Nonprofits turn to federal contracts to help grow job opportunities


Jerry Maith, left, and Kenny Murphy, trained by Melwood, clean up for the Coast Guard. (Jeffrey MacMillan/FOR WASHINGTON POST)
May 8, 2011

The busy government market isn’t just attracting traditional contractors. Nonprofit organizations geared toward helping people with disabilities find employment are bidding for federal work as a way to offer more jobs and different kinds of positions.

Take Melwood, which has carved out a niche providing custodial services and landscaping work at dozens of government buildings. Now, the Upper Marlboro-based nonprofit is trying to broaden the kind of jobs it offers and also attract a larger number of veterans.

Key to this expansion is a new contract for up to five years at Fort Meade, the quickly expanding military base that is home to the National Security Agency and U.S. Cyber Command. Melwood has won work managing the entire 5,400-acre facility, from landscaping to elevator maintenance to snow removal.

The organization won the contract under a program known as AbilityOne, a federal initiative meant to help provide employment on government contracts for people who are blind or have other significant disabilities.

The program mandates that 75 percent of the work performed under its contracts be done by people who meet those eligibility requirements, said George Selby, spokesman for the Committee for Purchase From People Who Are Blind or Severely Disabled, which administers the AbilityOne program.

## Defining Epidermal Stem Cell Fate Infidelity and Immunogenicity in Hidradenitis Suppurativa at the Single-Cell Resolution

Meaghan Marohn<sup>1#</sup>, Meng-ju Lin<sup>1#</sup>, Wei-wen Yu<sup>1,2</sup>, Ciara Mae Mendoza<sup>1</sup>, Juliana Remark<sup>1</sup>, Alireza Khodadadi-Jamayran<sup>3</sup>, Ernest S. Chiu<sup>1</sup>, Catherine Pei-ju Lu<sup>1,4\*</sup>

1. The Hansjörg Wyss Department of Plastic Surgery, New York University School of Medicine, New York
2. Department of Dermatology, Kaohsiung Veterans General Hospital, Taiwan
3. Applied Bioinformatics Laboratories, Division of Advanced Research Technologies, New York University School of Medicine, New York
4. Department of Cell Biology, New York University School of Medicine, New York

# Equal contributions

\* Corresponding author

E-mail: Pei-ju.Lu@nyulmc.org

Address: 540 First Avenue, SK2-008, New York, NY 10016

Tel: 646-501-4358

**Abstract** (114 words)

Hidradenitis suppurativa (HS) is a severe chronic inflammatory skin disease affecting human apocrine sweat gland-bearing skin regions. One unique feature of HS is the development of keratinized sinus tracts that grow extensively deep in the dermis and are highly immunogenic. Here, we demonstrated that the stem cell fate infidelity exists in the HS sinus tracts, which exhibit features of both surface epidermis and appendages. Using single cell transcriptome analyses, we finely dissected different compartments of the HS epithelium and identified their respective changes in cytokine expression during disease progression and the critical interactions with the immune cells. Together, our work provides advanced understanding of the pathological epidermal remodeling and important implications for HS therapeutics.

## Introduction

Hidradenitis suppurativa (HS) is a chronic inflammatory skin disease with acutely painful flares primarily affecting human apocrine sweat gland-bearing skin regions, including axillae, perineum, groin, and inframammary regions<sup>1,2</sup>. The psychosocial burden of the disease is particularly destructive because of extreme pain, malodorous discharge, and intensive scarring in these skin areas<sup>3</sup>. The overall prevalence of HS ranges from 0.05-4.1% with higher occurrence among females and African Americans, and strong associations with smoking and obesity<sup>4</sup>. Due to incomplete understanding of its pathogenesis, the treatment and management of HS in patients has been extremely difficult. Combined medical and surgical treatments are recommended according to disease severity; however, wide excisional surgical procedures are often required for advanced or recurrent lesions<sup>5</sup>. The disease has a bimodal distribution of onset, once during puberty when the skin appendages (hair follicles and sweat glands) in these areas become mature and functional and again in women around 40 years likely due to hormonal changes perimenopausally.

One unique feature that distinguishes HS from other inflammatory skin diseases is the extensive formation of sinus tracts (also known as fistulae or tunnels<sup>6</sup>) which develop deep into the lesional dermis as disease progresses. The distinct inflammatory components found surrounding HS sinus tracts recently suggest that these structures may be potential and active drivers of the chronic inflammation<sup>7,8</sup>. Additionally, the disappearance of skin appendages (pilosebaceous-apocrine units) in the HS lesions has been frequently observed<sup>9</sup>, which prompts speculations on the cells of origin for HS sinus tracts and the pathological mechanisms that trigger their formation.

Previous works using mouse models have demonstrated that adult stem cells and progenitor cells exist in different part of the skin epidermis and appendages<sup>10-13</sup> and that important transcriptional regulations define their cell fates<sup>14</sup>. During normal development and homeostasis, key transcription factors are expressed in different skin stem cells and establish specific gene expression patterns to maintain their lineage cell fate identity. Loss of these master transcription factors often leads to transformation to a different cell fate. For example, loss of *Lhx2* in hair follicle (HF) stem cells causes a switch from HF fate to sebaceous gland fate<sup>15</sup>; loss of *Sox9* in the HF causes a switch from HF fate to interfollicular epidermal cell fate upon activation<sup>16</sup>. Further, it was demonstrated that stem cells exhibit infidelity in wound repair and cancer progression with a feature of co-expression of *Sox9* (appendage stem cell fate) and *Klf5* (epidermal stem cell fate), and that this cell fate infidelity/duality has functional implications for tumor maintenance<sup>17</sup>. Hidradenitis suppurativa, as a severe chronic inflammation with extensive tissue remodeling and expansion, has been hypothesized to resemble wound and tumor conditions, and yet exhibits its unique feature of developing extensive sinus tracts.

In 2010, about 47,000 people were employed through AbilityOne contracts.

Melwood already has 43 contracts through which it receives about $52 million annually, said Janice Frey-Angel, the organization’s president and chief executive. But most are for landscaping, such as at an Energy Department facility in Germantown, or for custodial work, such as at the New Executive Office Building. Many with disabilities today are seeking more varied kinds of tasks, Frey-Angel said.

“They want more choices,” she said.

Melwood hopes the work at Fort Meade, which will provide just more than 150 jobs, many of them trade jobs like electrical work, will attract more veterans. The organization wants to partner with other organizations and companies, particularly to complete some of the more technical functions associated with managing a facility.

Melwood also just started on a new contract with the Coast Guard to clean its Curtis Bay facility near Baltimore, including some of its ships.

AbilityOne too is seeking opportunities through which it can help people with disabilities find not just a job, but a long-term field, according to Selby.

At the Arc, an organization that promotes supports and services for people with intellectual and developmental disabilities, chief executive Peter Berns said more than 80 of the organization’s 710 chapters are vendors through the AbilityOne program.

“It is a very important source of employment for people with intellectual and developmental disabilities,” he said. “It does seem to provide . . . jobs that are good quality and stable employment in many communities.”

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